The Roman salute constitutes an offense of apologizing for fascism, the Italian Supreme Court of Cassation ruled on Thursday January 18, but the “open” Constitution of the republic makes convictions very hypothetical in this matter.

The country’s highest criminal court was in session after a rally in Rome on January 7 during which hundreds of people made the fascist salute in front of the former Roman headquarters of the Italian Social Movement (MSI), a party formed by supporters of Benito Mussolini after the Second World War. The rally commemorated the murder of two teenage members of the MSI youth wing, shot dead on January 7, 1978, during the Years of Lead.

The Supreme Court of Cassation considers in its decision that the call ceremony, by which participants in a fascist demonstration respond “present”, as well as the “Roman salute” – outstretched arm – are punishable by law.

These are rituals “evocative of the gestures specific to the fascist party dissolved” after the Second World War and as such they fall within the scope of article 5 of the so-called “Scelba” law dating from 1952, the judges considered, who consider that the offense is however not manifest in the context of a commemoration if it is not proven that the people who carried it out had the intention of resuscitating the fascist party.

“In Italy, we don’t punish opinions”

“It is appropriate”, to sanction, they add, “to take into account the concrete danger of reorganization of the dissolved fascist party”, an almost insurmountable obstacle according to jurists interviewed by Agence France-Presse. Another text can, however, be invoked against such public demonstrations: the so-called “Mancino” law of 1993, which punishes acts of discrimination or violence of a racial nature.

To support their conclusions, the supreme judges decided on a new appeal trial for eight activists who had made the fascist salute during a memorial ceremony in 2016, and who had been convicted in a second instance. For the lawyer of two of them, the decision of the Supreme Court of Cassation vindicates them. “In Italy, we don’t punish opinions,” rejoiced Domenico Di Tullio, quoted by the Italian agency ANSA. The small neofascist group CasaPound hailed “a victory” while for the President of the Senate, Ignazio La Russa, an admitted fan of busts of Mussolini, the Court’s decision “needs no comment”.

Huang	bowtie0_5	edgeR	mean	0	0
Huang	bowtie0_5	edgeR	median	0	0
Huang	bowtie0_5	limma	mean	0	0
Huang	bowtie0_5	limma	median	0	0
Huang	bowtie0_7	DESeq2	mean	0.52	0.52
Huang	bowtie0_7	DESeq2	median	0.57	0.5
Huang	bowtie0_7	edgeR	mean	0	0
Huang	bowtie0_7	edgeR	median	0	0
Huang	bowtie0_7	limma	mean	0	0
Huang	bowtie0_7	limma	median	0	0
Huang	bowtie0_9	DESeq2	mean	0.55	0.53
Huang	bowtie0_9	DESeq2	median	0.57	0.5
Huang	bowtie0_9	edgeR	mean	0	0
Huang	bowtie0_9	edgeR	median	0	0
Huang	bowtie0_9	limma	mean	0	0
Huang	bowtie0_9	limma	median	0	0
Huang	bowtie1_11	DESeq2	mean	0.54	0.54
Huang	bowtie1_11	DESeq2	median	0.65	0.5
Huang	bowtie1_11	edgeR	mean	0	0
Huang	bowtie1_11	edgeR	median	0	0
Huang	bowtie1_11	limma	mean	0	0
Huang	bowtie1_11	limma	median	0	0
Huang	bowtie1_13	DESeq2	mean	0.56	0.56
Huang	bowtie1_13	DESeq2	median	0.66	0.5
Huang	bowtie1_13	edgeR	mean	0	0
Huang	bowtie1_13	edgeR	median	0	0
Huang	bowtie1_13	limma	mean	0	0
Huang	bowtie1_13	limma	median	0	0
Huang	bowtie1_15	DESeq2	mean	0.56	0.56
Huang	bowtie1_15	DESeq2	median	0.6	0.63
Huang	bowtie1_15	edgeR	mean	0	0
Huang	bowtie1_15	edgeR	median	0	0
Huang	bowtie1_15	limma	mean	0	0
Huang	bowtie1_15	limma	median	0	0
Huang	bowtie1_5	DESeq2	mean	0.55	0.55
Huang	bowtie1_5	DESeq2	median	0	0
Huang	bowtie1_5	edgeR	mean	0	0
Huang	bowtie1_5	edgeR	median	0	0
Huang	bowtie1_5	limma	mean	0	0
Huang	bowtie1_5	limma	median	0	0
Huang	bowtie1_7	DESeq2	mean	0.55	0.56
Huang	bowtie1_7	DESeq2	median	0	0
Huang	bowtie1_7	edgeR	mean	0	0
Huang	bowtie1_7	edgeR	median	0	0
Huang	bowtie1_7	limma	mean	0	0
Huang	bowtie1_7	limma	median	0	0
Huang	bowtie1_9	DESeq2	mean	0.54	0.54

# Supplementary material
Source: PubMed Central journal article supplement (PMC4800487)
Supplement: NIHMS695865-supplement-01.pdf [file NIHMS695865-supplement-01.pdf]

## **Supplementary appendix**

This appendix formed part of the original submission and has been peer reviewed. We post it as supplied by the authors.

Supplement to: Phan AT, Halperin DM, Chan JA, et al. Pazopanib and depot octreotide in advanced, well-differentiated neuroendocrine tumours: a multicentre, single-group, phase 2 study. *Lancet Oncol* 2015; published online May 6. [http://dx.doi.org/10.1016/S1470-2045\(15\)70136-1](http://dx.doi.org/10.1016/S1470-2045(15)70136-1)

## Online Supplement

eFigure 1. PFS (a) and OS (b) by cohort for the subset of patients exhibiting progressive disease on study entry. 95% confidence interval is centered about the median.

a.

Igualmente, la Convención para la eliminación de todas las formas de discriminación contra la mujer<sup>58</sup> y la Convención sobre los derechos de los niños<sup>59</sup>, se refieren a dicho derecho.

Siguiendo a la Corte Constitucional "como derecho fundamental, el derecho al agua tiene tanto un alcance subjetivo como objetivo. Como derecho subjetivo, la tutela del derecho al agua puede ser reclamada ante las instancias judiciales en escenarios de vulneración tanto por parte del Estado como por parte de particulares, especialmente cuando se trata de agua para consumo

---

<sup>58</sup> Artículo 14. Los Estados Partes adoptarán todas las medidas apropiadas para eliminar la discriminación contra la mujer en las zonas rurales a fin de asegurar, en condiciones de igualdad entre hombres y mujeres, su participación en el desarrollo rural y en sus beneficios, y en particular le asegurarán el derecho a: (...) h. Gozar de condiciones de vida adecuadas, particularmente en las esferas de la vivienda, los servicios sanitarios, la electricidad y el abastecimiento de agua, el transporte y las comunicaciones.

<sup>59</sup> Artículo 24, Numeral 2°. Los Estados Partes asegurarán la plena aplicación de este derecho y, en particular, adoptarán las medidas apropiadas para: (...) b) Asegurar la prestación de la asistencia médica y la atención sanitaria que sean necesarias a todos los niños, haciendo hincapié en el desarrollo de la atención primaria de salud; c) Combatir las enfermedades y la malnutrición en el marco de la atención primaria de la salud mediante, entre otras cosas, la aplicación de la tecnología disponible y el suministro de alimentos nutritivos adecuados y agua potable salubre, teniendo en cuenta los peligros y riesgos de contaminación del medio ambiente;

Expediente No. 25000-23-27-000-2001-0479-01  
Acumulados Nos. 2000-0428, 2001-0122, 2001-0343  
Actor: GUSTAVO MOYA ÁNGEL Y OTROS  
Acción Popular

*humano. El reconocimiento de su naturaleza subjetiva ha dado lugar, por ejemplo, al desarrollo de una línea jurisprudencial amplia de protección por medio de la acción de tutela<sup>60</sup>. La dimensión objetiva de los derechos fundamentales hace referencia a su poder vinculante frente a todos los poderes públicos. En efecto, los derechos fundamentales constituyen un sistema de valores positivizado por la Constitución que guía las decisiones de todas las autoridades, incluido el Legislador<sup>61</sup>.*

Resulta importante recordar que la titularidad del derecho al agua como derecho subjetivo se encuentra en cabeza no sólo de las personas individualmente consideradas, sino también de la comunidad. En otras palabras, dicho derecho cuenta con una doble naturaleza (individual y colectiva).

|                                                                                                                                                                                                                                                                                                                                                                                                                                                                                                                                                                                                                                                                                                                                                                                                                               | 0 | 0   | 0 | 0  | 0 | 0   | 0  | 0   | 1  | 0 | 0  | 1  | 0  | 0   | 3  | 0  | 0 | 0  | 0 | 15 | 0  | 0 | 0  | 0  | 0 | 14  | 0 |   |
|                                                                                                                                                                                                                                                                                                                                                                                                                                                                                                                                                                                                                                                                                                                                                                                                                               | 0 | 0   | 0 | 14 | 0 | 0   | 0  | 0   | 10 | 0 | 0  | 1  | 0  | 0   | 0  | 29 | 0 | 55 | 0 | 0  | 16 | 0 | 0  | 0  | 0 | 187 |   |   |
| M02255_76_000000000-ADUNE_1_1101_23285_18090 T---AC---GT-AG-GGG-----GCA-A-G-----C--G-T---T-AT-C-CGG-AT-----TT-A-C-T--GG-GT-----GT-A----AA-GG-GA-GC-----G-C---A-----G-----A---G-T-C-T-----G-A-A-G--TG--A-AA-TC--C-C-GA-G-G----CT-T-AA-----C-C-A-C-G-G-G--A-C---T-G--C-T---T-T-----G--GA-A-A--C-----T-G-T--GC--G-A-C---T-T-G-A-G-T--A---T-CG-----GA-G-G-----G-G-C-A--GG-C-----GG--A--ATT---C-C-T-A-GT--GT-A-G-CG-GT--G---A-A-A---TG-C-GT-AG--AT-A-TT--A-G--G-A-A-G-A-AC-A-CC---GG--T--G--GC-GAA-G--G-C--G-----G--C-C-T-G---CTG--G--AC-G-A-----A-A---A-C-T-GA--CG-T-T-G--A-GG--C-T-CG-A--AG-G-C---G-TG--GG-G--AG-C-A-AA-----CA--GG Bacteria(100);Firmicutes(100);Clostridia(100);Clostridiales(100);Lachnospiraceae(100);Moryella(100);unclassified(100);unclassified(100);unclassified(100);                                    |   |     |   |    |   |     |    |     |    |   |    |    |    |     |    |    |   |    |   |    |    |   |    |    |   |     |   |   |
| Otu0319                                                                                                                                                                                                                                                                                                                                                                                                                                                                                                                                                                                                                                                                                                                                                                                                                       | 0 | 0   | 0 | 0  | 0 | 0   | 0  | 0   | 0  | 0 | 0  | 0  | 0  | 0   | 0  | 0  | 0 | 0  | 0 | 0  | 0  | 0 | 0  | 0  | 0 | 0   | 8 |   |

For his part, the vice-president of the National Association of Italian Partisans (ANPI), Emilio Ricci, sees it as a “clarification” capable of condemning the neofascist activists. He calls on the courts to prosecute the participants in the January 7 rally. “I want the prosecution to indict them for violating the Scelba and Mancino laws,” he said.

Divergences of interpretation

The same divergences of interpretation emerged in the Italian media and on social networks. Some see it as a strengthening of the legislative arsenal against fascist resurgences, others think that it will be just as difficult as before, or even more, to repress them.

For constitutionalist Gaetano Azzariti, the Supreme Court of Cassation “confirmed the anti-fascist values” of the post-war Italian republic. It also anchors “the offense of apologizing for fascism” while leaving its terms of application to the courts. A position of balance in short, according to him.

Constitutional law professor Giulio Vigevani believes for his part that it will always remain complicated to pursue these facts based on the provisions of the Scelba law repressing the apology of fascism. “In 99% of cases it will not be possible to convict based on the Roman salute alone. The Italian Constitution defends an open democracy that is not afraid of its enemies,” he recalls.

The Prime Minister, Giorgia Meloni, co-founder of the post-fascist Fratelli d’Italia party, and former member of the MSI, was strongly criticized by the opposition for having remained silent on this demonstration whose images went around the world.